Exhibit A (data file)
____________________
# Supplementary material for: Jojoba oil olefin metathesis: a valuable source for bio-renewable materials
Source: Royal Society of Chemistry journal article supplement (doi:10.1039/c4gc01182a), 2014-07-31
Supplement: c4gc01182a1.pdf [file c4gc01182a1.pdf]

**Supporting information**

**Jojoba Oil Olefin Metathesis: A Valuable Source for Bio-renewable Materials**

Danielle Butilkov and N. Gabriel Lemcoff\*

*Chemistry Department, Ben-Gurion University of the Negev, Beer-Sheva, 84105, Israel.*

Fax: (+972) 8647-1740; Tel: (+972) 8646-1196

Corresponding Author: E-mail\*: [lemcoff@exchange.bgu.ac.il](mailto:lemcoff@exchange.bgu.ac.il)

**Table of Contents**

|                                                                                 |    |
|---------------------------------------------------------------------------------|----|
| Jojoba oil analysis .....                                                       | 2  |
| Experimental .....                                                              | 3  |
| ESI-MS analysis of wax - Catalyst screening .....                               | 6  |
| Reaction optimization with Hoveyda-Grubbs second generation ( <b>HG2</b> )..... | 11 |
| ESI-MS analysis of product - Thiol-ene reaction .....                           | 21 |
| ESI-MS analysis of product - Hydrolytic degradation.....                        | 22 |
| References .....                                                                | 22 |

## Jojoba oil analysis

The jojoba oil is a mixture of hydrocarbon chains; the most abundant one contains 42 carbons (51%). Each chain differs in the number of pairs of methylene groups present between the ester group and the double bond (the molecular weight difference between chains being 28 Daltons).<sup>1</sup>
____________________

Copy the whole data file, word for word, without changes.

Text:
# Supplementary material for: Jojoba oil olefin metathesis: a valuable source for bio-renewable materials
Source: Royal Society of Chemistry journal article supplement (doi:10.1039/c4gc01182a), 2014-07-31
Supplement: c4gc01182a1.pdf [file c4gc01182a1.pdf]

**Supporting information**

**Jojoba Oil Olefin Metathesis: A Valuable Source for Bio-renewable Materials**

Danielle Butilkov and N. Gabriel Lemcoff\*

*Chemistry Department, Ben-Gurion University of the Negev, Beer-Sheva, 84105, Israel.*

Fax: (+972) 8647-1740; Tel: (+972) 8646-1196

Corresponding Author: E-mail\*: [lemcoff@exchange.bgu.ac.il](mailto:lemcoff@exchange.bgu.ac.il)

**Table of Contents**

|                                                                                 |    |
|---------------------------------------------------------------------------------|----|
| Jojoba oil analysis .....                                                       | 2  |
| Experimental .....                                                              | 3  |
| ESI-MS analysis of wax - Catalyst screening .....                               | 6  |
| Reaction optimization with Hoveyda-Grubbs second generation ( <b>HG2</b> )..... | 11 |
| ESI-MS analysis of product - Thiol-ene reaction .....                           | 21 |
| ESI-MS analysis of product - Hydrolytic degradation.....                        | 22 |
| References .....                                                                | 22 |

## Jojoba oil analysis

The jojoba oil is a mixture of hydrocarbon chains; the most abundant one contains 42 carbons (51%). Each chain differs in the number of pairs of methylene groups present between the ester group and the double bond (the molecular weight difference between chains being 28 Daltons).<sup>1</sup>